Innewly married to Euphemia Effie Gray, Ruskin went on a honeymoon tour of the Gothic churches of northern France and began to write his first major book on buildings, The Seven Lamps of Architecture In November Ruskin went abroad again, this time to Venice to research a more substantial book on architecture.
The Stones of Venice was published in three volumes, one in and two more in In part it is a laboriously researched history of Venetian architecture, based on long months of direct study of the original buildings, then in a condition of serious neglect and decay.
But it is also a book of moral and social polemic with the imaginative structure of a Miltonic or Wordsworthian sublime epic. As such, the book is a distinguished late example of the political medievalism found in the work of William CobbettRobert SoutheyThomas Carlyleand the Young England movement of the s.
Ruskin differs from these predecessors both in the poetic power of his prose and in his distinctive—and widely influential—insistence that art and architecture are, necessarily, the direct expression of the social conditions in which they were produced. The Stones of Venice was influential in other ways as well.
Its celebration of Italian Gothic encouraged the use of foreign models in English Gothic Revival architecture. Gothic architecturehe believed, allowed a significant degree of creative freedom and artistic fulfillment to the individual workman.
We could not, and should not, take pleasure in an object that had not itself been made with pleasure. Cultural criticism Turner died in Ruskin withdrew somewhat from society. He contributed both financially and physically to the construction of a major Gothic Revival building: But by Ruskin was beginning to move on from the specialist criticism of art and architecture to a wider concern with the cultural condition of his age.
His growing friendship with the historian and essayist Thomas Carlyle contributed to this process. Beginning as an art critic, Ruskin contrasts the exquisite sculptured iron grilles of medieval Verona with the mass-produced metal security railings with which modern citizens protect their houses.
By wearing the fetters of a benignly neofeudalist social order, men and women, Ruskin believed, might lead lives of greater aesthetic fulfillment, in an environment less degraded by industrial pollution. Unto This Last and Munera Pulveris and as books, though published in magazines in and —63 are attacks on the classical economics of Adam Smith and John Stuart Mill.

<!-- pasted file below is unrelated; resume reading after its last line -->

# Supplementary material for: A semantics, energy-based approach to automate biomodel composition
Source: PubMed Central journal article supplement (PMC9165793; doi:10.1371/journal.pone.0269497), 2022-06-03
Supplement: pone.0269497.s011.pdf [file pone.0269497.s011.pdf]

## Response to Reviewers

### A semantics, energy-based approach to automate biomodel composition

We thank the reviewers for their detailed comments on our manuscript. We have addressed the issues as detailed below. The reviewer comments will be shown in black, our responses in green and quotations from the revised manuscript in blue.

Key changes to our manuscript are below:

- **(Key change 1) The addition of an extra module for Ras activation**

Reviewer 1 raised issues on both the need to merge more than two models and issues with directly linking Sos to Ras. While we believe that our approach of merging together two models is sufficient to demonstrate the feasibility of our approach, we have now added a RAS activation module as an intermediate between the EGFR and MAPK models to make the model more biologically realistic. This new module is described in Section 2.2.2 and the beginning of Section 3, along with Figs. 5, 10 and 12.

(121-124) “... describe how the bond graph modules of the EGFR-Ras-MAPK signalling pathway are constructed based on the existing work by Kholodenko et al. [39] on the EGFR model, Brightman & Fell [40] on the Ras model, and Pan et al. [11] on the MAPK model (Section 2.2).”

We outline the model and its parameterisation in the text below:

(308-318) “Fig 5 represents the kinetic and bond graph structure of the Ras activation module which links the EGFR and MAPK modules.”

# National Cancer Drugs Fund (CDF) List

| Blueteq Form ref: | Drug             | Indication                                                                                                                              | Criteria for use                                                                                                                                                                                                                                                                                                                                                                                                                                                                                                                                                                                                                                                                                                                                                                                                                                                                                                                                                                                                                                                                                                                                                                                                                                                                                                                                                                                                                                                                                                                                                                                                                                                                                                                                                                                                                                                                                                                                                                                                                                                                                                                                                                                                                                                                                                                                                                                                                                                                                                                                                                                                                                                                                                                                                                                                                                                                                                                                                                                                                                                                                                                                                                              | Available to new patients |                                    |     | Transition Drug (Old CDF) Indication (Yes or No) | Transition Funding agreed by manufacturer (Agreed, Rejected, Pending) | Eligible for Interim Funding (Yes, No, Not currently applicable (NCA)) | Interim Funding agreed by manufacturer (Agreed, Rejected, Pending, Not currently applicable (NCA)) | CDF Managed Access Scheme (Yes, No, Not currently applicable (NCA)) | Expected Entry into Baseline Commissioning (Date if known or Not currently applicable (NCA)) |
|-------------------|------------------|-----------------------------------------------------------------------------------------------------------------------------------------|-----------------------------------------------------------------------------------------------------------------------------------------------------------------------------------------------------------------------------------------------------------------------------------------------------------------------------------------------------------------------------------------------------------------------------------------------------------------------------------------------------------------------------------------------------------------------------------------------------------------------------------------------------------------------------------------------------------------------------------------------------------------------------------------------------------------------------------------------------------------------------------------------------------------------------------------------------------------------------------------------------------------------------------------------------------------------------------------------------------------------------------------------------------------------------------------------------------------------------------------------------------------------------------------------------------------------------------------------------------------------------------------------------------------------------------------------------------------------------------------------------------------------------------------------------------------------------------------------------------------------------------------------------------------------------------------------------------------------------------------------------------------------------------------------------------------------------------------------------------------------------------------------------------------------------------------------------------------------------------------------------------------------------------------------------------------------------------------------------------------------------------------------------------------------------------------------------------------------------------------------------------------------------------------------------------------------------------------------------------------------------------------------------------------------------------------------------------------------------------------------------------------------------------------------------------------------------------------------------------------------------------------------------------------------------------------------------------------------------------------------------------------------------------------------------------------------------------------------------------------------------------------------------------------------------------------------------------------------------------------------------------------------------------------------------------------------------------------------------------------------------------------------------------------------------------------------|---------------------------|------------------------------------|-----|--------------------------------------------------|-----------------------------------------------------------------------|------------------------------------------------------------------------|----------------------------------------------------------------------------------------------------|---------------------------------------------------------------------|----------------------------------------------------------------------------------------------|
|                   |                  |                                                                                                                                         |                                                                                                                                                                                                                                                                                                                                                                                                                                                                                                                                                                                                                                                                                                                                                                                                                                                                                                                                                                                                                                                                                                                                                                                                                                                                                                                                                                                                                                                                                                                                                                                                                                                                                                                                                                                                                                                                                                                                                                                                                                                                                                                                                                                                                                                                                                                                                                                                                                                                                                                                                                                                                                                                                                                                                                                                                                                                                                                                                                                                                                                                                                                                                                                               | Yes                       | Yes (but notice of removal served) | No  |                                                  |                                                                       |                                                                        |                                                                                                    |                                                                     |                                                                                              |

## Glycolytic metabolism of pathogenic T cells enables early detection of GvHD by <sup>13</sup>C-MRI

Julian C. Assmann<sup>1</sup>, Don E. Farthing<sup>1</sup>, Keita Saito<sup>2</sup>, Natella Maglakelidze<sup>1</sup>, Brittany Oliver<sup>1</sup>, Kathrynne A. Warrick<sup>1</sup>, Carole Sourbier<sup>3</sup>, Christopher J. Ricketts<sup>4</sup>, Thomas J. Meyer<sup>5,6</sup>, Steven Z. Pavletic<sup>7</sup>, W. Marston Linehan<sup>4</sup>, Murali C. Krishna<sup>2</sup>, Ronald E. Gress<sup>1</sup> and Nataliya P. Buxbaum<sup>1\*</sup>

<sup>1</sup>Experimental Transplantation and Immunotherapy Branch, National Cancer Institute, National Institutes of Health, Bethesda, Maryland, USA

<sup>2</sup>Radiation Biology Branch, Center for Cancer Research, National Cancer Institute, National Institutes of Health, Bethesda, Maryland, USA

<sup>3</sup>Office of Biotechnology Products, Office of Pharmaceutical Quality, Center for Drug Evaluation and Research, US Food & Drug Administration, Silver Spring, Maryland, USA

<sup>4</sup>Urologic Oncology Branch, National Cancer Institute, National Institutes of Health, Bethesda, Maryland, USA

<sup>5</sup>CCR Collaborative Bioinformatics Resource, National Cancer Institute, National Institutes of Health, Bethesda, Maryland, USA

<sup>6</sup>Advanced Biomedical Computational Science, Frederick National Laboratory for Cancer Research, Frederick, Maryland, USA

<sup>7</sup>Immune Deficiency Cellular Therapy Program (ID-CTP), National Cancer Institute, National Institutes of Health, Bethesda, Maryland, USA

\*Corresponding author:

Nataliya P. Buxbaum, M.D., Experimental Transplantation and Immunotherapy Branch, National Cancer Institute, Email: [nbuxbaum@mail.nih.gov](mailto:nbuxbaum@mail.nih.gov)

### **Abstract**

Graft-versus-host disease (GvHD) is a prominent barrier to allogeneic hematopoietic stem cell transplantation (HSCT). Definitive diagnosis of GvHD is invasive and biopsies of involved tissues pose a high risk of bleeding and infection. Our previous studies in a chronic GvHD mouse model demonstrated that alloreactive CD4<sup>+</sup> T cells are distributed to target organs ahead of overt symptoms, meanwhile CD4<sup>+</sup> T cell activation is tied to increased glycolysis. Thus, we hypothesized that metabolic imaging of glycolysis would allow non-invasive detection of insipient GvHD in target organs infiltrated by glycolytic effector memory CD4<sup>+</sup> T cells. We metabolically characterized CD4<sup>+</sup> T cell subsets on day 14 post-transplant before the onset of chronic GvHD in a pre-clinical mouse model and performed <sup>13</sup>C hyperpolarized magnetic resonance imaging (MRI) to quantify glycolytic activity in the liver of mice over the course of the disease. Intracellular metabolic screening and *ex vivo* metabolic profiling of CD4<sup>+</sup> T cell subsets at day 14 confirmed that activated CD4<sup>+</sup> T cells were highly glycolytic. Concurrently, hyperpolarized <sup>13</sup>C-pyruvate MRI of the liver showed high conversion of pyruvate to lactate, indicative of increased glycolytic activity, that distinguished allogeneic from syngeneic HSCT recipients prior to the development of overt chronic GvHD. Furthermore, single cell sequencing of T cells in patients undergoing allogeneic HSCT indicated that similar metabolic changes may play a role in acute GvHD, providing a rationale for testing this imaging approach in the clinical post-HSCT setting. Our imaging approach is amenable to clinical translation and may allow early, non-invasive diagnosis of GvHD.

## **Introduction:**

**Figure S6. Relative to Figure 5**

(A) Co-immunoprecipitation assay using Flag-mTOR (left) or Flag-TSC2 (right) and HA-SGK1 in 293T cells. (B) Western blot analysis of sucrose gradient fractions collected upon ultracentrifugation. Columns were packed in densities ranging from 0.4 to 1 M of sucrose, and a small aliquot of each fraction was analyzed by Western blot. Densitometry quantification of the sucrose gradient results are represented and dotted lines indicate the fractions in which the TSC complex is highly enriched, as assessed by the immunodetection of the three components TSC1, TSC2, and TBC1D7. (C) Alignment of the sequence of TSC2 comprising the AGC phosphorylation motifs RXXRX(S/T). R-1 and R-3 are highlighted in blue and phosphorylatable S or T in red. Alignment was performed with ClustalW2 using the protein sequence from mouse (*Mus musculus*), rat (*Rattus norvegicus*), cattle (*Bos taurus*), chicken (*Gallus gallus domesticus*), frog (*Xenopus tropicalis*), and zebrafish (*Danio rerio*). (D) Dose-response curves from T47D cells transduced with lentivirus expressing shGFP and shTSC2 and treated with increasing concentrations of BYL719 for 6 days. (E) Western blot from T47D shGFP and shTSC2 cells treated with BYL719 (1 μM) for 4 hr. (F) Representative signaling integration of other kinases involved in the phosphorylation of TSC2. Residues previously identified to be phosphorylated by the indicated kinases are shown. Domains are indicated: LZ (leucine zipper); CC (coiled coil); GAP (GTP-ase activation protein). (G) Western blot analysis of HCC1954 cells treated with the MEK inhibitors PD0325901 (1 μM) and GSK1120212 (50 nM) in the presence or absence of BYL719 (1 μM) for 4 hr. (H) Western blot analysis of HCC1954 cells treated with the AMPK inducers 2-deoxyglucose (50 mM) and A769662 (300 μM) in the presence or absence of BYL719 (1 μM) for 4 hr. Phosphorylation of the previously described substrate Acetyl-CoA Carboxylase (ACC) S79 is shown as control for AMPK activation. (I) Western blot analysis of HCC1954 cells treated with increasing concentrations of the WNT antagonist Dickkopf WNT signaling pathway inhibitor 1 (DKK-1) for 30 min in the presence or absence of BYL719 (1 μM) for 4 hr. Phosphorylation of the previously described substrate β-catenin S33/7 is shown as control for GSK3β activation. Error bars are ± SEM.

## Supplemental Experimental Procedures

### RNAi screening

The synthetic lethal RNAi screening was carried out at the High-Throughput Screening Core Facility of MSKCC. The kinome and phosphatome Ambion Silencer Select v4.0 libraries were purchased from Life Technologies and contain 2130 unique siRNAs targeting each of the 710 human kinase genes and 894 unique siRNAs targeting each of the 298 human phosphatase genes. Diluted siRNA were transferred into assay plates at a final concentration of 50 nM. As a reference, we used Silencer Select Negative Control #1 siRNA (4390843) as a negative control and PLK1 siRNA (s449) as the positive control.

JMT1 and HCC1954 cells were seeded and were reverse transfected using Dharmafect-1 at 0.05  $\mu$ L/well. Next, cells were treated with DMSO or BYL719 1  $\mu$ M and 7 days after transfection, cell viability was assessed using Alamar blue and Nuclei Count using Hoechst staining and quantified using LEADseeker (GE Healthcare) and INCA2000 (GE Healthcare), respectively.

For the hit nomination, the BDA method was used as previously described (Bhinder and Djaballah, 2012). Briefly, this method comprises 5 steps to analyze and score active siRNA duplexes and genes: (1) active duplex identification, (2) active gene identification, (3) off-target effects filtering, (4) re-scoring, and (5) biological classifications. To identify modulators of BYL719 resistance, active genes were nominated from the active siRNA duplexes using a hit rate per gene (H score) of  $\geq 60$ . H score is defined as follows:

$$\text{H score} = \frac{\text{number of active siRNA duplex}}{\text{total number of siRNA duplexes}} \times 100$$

Sesame and Lilies would become notorious in the late 20th century as a stock example of Victorian male chauvinism. In fact, Ruskin was using the conventional construction of the feminine, as pacific, altruistic, and uncompetitive, to articulate yet another symbolic assertion of his anticapitalist social model.
In The Queen of the Air he attempted to express his old concept of a divine power in Nature in new terms calculated for an age in which assent to the Christian faith was no longer automatic or universal.Dear Twitpic Community - thank you for all the wonderful photos you have taken over the years.
We have now placed Twitpic in an archived state. French literature - From to the midth century: The French Revolution of provided no clean break with the complex literary culture of the Enlightenment. Many ways of thinking and feeling—whether based on reason, sentiment, or an exacerbated sensibility—and most literary forms persisted with little change from to The French revolution of At the close of the French revolutionary and Napoleonic wars () the Bourbon dynasty was restored in France in the person of a brother of the King who had been sent to the guillotine during the revolution.
JSTOR is a digital library of academic journals, books, and primary sources. - The revolution of encompassed many of the European countries. The revolutions sweeping across Europe included Germany, Italy, and France, excluding Russia and England.
Many historians refer to the year of as, “The Year of Revolutions”, because of how the revolts spread throughout Europe. As a follow-up to Tuesday’s post about the majority-minority public schools in Oslo, the following brief account reports the latest statistics on the cultural enrichment of schools in Austria.
Vienna is the most fully enriched location, and seems to be in roughly the same situation as Oslo. Many thanks to Hermes for the translation from grupobittia.com